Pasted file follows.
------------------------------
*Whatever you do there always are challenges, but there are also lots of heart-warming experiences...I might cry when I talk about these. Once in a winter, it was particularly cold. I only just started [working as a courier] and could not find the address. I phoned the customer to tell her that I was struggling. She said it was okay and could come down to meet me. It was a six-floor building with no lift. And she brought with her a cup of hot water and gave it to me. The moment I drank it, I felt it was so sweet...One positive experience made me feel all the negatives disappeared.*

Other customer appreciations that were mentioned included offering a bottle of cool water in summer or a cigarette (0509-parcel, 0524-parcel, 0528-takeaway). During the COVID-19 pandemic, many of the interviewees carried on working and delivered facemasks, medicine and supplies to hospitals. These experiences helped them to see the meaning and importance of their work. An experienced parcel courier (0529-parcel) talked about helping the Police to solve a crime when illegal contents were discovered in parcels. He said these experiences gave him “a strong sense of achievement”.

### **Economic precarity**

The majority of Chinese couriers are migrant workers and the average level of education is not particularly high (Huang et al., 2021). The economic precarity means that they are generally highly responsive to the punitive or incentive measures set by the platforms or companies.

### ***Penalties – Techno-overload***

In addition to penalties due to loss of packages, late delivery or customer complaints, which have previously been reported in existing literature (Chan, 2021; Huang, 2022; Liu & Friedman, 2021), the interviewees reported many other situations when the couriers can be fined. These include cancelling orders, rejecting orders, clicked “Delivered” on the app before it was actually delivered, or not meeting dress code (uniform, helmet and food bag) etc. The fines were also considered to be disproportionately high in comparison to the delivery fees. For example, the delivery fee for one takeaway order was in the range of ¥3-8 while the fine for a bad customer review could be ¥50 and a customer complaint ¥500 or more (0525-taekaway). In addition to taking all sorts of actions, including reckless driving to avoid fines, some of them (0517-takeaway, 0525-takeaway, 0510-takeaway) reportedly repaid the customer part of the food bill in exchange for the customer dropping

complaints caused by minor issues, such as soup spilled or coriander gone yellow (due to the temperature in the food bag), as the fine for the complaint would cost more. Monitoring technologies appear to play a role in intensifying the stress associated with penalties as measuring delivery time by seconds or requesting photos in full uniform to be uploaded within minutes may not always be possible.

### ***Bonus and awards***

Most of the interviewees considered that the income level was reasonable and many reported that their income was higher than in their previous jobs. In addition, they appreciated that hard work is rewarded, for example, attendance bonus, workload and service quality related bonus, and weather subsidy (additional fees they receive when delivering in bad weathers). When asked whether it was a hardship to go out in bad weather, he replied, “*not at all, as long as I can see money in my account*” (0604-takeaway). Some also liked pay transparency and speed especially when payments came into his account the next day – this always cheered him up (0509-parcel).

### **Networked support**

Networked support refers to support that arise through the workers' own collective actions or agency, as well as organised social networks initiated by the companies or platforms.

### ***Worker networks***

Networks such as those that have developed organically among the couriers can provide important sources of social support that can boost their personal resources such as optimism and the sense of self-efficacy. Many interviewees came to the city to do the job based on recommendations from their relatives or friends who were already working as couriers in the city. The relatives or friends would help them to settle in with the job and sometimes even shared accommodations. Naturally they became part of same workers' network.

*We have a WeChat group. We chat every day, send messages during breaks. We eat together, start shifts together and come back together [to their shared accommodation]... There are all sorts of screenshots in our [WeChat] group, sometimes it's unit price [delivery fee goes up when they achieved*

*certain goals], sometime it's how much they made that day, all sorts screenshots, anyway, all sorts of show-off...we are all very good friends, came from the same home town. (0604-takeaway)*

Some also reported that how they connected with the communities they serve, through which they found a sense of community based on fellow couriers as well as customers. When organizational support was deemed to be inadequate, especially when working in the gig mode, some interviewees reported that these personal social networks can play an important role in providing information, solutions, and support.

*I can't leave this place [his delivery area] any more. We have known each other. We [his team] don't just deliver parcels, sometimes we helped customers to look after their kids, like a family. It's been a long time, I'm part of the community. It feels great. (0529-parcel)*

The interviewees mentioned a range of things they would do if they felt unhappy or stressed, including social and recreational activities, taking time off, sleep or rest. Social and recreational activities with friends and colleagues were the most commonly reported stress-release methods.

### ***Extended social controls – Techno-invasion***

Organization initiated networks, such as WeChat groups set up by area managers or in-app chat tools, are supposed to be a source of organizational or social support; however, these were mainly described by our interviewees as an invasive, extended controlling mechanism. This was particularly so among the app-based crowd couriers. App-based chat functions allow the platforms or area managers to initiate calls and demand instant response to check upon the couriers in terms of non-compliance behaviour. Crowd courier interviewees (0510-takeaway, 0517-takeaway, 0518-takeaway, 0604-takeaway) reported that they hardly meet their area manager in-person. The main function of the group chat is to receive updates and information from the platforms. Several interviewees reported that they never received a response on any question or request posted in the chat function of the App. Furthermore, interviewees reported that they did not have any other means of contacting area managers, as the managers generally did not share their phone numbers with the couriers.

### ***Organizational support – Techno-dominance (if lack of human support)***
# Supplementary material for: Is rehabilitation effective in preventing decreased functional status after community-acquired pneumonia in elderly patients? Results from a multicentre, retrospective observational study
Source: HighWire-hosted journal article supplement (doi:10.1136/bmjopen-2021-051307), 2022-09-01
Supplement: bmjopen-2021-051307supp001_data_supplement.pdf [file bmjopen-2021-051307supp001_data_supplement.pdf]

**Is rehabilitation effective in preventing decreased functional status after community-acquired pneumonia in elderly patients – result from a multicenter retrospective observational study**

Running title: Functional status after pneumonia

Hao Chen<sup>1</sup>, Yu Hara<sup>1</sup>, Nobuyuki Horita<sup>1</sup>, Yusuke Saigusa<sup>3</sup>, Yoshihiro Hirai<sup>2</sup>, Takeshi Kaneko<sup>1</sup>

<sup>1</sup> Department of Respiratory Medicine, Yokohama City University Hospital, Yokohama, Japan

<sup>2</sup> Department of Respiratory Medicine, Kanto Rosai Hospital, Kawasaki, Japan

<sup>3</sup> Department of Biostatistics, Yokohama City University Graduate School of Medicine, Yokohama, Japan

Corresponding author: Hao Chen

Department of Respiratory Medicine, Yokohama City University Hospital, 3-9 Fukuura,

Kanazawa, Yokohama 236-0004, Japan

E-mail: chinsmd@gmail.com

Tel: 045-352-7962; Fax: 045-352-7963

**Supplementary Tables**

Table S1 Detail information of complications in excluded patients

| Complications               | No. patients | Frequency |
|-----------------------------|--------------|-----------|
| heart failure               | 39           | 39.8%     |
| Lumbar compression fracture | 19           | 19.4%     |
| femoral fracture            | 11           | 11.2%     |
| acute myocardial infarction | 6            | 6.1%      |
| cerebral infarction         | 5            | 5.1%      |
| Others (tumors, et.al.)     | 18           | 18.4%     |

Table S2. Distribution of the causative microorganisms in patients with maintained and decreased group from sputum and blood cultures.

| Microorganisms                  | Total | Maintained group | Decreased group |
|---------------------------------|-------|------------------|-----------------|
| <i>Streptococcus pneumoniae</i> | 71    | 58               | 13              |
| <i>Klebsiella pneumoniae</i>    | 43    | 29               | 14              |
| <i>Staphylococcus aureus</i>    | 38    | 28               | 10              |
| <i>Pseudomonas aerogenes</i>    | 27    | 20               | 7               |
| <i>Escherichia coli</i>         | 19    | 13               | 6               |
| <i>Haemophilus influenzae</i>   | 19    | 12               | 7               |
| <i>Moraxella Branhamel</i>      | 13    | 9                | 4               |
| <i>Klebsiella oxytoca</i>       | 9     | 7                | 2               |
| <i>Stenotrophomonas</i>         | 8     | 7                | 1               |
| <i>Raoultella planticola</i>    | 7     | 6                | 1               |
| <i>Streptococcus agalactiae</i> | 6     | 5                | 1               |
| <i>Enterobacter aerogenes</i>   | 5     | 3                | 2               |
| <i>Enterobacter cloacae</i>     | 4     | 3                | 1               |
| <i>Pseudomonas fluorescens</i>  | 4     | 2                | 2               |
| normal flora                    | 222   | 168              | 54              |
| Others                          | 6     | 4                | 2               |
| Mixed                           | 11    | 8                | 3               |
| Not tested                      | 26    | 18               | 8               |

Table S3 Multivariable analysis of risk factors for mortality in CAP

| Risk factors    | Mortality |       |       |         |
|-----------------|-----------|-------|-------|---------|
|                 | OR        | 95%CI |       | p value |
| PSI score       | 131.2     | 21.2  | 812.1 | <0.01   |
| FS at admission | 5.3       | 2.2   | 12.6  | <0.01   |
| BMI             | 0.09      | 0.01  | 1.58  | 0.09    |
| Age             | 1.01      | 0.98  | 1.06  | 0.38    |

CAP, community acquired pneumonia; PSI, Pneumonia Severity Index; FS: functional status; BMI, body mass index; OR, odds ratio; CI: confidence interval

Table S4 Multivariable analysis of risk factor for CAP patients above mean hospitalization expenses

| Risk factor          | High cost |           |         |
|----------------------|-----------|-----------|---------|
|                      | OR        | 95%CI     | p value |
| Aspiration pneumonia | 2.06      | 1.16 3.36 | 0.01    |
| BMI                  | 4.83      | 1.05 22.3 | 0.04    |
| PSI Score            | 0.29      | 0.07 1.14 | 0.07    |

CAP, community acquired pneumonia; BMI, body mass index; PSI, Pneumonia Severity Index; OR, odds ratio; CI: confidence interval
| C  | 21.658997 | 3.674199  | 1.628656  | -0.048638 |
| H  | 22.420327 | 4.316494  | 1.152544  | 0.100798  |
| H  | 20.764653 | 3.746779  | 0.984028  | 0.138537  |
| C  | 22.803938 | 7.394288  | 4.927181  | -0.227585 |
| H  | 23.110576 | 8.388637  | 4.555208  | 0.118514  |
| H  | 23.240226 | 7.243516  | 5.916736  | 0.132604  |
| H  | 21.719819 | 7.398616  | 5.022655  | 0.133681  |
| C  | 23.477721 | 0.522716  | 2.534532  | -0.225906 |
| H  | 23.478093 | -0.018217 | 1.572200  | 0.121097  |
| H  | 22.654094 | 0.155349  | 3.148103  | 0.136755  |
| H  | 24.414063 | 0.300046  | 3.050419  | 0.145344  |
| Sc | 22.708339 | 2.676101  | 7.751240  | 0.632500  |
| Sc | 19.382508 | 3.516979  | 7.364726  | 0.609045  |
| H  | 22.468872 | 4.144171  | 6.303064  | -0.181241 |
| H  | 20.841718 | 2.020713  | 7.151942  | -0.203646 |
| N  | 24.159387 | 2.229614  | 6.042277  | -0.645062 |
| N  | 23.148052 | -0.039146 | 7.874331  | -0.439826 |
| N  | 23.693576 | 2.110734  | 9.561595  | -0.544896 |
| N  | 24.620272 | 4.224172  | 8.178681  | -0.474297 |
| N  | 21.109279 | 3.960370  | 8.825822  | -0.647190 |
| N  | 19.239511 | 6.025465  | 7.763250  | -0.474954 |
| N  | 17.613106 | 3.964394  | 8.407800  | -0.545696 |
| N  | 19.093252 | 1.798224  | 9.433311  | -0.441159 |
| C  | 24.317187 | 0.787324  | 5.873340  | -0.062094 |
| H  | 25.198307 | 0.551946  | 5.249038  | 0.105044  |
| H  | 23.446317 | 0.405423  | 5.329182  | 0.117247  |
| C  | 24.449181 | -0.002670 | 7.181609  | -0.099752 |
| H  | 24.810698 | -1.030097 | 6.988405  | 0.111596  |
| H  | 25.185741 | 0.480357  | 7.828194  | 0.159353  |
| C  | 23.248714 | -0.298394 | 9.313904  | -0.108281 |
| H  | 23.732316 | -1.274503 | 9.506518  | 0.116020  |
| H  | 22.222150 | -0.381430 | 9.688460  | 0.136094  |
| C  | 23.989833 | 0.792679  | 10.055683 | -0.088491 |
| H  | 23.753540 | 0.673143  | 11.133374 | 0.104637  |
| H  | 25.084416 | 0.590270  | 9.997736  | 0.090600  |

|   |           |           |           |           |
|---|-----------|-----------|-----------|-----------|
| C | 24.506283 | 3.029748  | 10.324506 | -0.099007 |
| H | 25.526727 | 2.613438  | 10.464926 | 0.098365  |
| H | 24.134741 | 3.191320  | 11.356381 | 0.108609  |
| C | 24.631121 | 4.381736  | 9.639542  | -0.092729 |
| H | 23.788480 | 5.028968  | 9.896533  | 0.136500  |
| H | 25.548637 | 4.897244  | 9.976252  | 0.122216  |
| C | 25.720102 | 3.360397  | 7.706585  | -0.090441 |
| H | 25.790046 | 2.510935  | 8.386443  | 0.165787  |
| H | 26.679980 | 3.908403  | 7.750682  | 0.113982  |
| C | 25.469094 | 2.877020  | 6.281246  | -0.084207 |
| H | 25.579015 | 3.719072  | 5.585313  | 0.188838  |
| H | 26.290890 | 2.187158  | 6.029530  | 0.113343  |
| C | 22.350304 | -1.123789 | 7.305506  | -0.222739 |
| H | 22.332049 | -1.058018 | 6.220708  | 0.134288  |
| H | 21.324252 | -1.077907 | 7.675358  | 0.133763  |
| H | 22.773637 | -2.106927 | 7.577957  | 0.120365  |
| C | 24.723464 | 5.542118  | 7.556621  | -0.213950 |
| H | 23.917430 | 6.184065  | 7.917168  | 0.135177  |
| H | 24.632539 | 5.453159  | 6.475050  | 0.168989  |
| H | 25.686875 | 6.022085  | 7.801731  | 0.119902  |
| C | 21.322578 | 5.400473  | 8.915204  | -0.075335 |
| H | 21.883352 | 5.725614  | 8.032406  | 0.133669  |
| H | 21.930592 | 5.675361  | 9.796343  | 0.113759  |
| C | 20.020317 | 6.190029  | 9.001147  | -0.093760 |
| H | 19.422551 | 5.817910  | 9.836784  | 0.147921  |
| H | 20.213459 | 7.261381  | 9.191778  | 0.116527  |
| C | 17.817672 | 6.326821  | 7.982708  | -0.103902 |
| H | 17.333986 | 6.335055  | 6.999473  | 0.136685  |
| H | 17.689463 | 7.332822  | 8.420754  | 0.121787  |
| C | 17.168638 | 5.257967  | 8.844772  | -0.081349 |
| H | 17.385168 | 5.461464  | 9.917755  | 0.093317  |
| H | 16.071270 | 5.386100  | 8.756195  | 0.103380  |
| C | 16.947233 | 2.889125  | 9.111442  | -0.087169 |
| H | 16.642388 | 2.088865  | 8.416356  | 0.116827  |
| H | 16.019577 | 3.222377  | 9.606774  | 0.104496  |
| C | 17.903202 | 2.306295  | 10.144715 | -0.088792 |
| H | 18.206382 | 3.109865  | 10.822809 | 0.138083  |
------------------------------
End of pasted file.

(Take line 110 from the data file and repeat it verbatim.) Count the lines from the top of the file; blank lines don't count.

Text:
| C  | 24.449181 | -0.002670 | 7.181609  | -0.099752 |